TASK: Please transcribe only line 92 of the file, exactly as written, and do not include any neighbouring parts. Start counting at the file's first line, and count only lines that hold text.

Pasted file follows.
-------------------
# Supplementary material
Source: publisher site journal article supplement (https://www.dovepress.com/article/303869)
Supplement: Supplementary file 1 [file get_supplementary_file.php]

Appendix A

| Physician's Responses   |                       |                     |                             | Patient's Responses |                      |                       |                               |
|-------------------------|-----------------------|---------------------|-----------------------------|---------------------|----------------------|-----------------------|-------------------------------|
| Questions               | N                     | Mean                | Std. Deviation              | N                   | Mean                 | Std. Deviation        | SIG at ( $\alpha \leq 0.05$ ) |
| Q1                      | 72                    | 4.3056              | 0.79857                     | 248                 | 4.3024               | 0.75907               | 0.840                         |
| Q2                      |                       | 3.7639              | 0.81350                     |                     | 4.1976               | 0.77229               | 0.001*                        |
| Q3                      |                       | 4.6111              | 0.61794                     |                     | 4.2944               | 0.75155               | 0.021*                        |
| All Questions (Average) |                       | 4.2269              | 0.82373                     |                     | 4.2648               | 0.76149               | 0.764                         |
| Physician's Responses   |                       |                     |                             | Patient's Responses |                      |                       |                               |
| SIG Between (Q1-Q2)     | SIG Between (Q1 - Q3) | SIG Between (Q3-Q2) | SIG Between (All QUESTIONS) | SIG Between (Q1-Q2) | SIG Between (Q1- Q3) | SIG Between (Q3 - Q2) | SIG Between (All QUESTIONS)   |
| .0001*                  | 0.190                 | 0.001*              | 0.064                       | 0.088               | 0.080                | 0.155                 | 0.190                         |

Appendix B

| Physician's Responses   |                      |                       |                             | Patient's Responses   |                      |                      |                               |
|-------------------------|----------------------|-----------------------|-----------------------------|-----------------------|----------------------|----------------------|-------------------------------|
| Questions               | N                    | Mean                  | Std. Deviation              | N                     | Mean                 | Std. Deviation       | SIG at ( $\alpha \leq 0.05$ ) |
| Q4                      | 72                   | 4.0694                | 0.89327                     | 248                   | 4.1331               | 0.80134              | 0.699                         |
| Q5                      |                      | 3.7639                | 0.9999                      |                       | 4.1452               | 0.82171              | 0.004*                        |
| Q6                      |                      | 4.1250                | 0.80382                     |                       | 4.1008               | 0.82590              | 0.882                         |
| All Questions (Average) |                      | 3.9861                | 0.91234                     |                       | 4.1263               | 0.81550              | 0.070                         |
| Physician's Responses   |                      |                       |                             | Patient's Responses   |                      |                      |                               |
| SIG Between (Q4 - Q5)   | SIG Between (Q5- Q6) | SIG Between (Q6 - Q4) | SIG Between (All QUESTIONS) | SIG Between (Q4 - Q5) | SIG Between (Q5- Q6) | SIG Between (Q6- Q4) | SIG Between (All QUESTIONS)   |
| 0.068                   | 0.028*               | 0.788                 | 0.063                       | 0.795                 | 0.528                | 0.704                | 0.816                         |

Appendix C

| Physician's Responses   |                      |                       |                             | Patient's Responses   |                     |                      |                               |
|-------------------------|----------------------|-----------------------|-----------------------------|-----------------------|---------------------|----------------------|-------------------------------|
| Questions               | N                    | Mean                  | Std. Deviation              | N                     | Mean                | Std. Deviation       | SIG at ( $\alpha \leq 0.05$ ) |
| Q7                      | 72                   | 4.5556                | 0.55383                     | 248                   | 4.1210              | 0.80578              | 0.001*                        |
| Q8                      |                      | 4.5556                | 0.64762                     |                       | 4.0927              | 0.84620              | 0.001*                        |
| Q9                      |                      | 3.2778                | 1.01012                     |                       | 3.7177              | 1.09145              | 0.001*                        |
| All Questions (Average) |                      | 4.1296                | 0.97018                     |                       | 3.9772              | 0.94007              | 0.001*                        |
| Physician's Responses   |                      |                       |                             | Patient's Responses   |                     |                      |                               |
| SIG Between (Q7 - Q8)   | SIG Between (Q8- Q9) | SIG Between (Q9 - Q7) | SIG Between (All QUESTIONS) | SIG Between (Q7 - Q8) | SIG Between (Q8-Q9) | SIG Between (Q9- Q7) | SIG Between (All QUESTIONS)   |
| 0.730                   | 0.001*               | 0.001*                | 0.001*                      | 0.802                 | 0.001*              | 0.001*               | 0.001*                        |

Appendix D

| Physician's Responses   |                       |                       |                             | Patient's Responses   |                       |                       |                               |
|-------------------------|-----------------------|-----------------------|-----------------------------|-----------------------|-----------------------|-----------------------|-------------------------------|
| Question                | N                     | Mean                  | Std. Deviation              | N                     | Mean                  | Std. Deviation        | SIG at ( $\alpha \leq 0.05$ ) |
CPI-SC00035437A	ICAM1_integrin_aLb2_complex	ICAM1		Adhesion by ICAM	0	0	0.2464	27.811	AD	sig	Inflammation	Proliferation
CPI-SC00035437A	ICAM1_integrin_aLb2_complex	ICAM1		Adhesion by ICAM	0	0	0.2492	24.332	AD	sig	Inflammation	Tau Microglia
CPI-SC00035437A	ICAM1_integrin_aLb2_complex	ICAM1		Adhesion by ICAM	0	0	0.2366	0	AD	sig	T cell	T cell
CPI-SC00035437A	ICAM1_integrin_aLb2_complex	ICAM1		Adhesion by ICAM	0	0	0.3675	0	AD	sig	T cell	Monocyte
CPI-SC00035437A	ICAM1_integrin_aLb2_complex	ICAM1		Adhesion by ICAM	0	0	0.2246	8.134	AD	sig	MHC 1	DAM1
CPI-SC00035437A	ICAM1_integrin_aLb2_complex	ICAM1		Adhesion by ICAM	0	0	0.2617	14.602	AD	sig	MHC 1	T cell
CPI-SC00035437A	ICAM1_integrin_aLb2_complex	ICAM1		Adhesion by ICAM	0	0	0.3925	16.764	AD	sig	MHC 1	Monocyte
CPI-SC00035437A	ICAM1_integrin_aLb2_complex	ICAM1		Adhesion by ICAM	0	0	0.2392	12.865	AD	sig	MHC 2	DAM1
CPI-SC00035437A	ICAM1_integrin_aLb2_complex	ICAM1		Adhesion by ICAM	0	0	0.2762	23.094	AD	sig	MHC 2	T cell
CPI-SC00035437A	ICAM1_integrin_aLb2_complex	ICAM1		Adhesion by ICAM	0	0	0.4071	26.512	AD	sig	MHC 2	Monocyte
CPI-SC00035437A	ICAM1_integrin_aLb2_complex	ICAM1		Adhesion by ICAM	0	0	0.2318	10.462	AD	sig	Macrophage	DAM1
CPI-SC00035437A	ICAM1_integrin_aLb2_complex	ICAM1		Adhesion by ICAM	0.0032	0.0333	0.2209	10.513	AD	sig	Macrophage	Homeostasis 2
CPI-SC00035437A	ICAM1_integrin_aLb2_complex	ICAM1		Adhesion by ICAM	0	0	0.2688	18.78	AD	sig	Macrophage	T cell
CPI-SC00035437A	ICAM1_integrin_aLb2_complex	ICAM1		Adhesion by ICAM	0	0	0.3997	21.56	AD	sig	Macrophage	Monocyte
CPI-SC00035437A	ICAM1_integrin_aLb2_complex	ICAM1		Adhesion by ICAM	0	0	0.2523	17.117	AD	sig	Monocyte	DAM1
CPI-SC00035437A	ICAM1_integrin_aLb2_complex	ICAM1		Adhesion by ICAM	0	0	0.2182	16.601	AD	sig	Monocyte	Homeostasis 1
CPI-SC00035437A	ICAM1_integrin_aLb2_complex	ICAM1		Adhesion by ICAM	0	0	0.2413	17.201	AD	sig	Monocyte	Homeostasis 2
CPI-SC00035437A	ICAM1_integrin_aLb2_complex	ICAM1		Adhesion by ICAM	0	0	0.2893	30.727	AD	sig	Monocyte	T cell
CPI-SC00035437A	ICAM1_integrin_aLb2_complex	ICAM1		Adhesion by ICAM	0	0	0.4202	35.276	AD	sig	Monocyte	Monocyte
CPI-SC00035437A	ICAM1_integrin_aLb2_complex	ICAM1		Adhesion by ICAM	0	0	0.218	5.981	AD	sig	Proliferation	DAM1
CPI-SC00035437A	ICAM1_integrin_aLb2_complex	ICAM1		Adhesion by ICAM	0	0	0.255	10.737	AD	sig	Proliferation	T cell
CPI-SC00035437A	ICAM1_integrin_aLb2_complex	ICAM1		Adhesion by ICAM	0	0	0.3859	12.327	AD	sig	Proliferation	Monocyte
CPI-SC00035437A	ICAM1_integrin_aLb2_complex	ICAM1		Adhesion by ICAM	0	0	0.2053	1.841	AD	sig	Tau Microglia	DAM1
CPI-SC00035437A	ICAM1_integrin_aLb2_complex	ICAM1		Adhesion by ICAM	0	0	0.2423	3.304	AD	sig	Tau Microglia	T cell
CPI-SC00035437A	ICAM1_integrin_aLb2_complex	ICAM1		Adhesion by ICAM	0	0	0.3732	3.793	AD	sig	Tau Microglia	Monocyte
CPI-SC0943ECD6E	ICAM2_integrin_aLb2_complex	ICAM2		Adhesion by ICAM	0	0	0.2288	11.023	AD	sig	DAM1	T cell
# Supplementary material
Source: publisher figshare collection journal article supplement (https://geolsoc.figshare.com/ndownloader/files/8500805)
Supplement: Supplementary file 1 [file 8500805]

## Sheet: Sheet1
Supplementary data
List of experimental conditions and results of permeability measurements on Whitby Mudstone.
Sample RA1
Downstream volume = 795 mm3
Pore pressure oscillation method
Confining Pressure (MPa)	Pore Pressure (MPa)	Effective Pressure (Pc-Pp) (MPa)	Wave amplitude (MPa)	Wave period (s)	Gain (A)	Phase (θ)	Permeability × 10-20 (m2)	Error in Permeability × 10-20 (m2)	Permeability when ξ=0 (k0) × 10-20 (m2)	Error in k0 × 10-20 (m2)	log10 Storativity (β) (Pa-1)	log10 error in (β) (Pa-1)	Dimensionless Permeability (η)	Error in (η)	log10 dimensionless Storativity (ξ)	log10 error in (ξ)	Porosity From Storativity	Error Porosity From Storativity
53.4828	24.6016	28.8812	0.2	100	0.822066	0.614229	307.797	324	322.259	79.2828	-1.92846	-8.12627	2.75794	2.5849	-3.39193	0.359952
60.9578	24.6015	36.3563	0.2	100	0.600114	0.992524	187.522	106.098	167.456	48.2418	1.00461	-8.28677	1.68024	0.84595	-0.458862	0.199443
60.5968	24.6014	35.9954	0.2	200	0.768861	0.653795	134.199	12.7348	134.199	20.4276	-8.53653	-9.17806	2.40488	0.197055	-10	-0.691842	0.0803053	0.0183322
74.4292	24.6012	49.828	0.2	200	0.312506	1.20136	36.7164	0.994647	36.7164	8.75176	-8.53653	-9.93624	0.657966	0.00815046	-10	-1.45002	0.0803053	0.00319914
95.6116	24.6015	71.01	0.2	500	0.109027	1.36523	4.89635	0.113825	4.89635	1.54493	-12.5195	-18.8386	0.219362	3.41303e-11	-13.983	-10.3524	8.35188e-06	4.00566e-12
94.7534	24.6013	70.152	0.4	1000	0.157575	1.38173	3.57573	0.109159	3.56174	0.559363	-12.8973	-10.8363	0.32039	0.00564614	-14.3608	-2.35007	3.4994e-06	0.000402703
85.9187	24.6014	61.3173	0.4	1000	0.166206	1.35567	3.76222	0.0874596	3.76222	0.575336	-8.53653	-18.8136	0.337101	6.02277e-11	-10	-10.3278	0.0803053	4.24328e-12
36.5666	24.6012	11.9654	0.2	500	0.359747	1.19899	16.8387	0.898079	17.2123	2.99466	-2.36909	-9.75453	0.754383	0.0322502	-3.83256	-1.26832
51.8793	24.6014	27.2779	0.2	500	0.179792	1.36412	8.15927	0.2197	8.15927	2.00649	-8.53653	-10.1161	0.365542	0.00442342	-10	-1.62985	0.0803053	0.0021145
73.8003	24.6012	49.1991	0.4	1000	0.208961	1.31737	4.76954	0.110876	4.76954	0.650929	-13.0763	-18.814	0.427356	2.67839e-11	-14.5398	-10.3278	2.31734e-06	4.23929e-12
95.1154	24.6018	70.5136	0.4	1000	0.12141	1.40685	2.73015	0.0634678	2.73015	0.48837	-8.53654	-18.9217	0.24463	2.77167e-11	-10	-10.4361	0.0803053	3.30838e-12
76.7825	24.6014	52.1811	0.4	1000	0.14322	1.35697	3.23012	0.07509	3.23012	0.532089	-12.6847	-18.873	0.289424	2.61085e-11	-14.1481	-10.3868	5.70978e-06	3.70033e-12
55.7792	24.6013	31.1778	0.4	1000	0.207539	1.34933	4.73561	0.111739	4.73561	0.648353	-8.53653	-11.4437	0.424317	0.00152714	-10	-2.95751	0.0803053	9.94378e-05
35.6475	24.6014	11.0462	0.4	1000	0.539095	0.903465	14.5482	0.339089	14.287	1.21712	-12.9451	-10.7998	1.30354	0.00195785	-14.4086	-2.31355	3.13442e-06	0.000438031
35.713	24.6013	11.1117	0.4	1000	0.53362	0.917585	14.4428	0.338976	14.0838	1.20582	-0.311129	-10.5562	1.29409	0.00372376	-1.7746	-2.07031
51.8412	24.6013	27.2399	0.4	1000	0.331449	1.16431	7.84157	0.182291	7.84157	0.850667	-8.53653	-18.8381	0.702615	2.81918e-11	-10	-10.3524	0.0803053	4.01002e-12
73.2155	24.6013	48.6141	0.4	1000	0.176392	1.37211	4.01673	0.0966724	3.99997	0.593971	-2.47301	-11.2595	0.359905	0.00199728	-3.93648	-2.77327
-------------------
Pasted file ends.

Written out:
51.8412	24.6013	27.2399	0.4	1000	0.331449	1.16431	7.84157	0.182291	7.84157	0.850667	-8.53653	-18.8381	0.702615	2.81918e-11	-10	-10.3524	0.0803053	4.01002e-12